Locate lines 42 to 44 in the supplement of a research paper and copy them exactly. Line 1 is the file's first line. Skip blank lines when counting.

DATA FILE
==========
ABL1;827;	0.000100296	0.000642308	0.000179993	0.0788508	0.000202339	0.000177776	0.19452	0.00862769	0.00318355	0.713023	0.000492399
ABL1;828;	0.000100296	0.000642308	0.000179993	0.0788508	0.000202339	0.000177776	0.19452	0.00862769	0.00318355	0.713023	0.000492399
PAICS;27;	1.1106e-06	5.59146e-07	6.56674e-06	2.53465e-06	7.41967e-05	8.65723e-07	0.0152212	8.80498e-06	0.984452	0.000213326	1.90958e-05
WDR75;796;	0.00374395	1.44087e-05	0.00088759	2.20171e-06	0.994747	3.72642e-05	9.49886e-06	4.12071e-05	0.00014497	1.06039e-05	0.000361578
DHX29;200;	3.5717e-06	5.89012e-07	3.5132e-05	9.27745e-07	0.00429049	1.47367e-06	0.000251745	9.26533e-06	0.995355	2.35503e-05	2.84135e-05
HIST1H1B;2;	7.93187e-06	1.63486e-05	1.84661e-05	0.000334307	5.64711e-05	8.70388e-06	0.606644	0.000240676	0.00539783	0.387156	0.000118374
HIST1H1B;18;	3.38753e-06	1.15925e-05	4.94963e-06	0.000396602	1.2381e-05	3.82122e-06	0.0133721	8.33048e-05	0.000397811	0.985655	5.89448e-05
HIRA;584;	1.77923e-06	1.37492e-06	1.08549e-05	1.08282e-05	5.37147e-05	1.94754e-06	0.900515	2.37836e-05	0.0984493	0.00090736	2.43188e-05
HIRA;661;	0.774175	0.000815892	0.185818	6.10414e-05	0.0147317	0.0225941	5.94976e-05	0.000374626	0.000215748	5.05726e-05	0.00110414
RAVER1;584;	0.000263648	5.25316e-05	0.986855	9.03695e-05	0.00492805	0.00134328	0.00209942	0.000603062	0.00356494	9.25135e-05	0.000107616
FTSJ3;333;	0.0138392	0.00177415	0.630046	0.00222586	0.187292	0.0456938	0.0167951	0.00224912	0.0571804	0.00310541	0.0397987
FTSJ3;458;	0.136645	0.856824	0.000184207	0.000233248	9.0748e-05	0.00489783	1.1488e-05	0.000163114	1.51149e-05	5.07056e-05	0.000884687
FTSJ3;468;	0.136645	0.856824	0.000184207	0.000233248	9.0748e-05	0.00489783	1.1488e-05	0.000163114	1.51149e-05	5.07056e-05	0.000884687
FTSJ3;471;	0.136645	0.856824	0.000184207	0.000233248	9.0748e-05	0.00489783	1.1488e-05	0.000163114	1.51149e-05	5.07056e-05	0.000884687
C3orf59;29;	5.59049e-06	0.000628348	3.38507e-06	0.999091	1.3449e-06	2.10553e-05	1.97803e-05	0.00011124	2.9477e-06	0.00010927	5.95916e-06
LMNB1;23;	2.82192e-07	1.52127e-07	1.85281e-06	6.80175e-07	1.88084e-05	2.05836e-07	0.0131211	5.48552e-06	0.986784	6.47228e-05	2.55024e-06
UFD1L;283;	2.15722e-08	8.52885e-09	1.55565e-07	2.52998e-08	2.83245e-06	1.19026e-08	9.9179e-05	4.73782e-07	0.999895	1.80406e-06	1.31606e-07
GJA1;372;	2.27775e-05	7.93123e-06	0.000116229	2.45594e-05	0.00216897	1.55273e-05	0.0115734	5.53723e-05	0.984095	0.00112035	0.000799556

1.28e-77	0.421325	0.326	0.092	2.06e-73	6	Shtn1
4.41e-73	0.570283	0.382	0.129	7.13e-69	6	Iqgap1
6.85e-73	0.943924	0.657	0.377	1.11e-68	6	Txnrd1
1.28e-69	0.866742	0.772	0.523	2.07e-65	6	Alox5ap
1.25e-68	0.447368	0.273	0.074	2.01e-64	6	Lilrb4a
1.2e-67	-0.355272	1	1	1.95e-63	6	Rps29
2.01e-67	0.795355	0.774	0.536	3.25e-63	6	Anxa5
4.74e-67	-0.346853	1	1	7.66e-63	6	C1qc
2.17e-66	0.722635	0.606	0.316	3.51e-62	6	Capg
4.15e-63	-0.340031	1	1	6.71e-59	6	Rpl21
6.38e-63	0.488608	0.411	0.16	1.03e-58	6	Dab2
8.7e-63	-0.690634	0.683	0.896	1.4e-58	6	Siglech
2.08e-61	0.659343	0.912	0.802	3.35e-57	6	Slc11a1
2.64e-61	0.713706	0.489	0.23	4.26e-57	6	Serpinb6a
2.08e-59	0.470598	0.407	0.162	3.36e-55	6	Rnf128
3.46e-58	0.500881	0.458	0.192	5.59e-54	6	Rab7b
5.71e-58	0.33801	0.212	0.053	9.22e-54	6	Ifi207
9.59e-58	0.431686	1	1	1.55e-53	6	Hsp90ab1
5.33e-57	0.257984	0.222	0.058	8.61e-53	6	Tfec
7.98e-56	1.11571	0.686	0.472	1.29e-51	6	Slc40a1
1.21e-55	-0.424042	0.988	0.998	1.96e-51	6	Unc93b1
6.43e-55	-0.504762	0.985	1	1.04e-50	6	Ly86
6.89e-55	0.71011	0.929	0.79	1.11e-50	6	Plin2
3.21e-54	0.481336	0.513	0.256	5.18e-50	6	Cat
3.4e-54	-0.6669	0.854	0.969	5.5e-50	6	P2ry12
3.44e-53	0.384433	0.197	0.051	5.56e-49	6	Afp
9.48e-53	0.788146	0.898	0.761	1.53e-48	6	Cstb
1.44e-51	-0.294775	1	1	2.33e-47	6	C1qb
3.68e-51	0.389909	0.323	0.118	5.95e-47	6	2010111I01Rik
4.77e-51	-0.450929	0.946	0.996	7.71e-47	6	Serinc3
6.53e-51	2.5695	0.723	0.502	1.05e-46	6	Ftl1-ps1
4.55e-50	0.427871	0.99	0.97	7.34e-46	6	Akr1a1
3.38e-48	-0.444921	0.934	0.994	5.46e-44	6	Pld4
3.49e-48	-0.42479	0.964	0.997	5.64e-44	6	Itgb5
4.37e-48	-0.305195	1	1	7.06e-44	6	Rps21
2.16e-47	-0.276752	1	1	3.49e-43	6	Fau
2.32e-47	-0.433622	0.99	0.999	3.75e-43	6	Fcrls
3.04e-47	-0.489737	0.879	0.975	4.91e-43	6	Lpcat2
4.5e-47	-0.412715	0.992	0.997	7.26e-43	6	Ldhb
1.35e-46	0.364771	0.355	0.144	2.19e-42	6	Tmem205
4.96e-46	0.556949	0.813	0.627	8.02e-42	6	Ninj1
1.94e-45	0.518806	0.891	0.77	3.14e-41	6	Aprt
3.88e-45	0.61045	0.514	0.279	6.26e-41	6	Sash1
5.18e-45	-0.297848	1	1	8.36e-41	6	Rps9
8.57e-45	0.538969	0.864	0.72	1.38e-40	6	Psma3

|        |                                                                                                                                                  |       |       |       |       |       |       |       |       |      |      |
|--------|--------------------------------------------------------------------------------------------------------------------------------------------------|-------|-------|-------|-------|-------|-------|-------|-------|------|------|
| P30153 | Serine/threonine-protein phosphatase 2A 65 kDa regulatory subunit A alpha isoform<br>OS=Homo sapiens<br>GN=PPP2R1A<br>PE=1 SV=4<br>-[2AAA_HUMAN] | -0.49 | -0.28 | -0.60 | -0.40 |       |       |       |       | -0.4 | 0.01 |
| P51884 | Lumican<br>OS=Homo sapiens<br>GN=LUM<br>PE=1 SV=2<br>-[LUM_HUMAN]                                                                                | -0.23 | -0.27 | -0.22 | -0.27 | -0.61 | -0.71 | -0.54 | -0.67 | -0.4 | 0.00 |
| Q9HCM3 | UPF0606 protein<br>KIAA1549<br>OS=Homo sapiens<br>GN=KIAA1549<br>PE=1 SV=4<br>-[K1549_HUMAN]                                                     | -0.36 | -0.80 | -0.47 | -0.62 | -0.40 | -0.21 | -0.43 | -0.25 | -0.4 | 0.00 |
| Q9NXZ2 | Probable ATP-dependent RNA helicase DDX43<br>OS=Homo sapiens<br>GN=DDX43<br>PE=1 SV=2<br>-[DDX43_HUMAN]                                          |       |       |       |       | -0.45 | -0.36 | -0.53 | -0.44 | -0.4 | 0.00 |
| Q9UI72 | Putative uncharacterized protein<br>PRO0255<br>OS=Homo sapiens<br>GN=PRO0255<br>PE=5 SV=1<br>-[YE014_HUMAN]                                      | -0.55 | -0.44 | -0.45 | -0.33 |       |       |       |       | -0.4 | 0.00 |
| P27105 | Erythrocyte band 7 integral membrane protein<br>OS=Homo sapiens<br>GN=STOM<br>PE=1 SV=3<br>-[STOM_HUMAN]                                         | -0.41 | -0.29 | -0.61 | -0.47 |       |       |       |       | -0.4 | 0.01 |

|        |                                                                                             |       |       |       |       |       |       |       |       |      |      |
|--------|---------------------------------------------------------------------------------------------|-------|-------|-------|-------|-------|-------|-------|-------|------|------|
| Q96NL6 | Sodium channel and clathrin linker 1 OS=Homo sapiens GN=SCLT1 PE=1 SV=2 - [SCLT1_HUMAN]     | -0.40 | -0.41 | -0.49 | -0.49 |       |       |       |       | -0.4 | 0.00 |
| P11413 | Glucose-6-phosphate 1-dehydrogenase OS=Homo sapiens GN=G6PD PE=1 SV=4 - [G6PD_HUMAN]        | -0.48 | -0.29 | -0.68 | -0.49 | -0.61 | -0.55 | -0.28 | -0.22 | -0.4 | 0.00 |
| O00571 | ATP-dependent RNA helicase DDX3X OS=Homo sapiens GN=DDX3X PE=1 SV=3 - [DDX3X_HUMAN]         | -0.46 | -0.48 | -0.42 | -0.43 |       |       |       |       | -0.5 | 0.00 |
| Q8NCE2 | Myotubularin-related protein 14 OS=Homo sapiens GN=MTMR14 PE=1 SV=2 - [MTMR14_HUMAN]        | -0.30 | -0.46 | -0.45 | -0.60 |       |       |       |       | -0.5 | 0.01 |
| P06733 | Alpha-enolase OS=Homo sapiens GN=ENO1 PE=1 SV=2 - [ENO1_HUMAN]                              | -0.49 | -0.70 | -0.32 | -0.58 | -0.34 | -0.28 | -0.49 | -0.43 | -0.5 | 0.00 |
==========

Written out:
3.21e-54	0.481336	0.513	0.256	5.18e-50	6	Cat
3.4e-54	-0.6669	0.854	0.969	5.5e-50	6	P2ry12
3.44e-53	0.384433	0.197	0.051	5.56e-49	6	Afp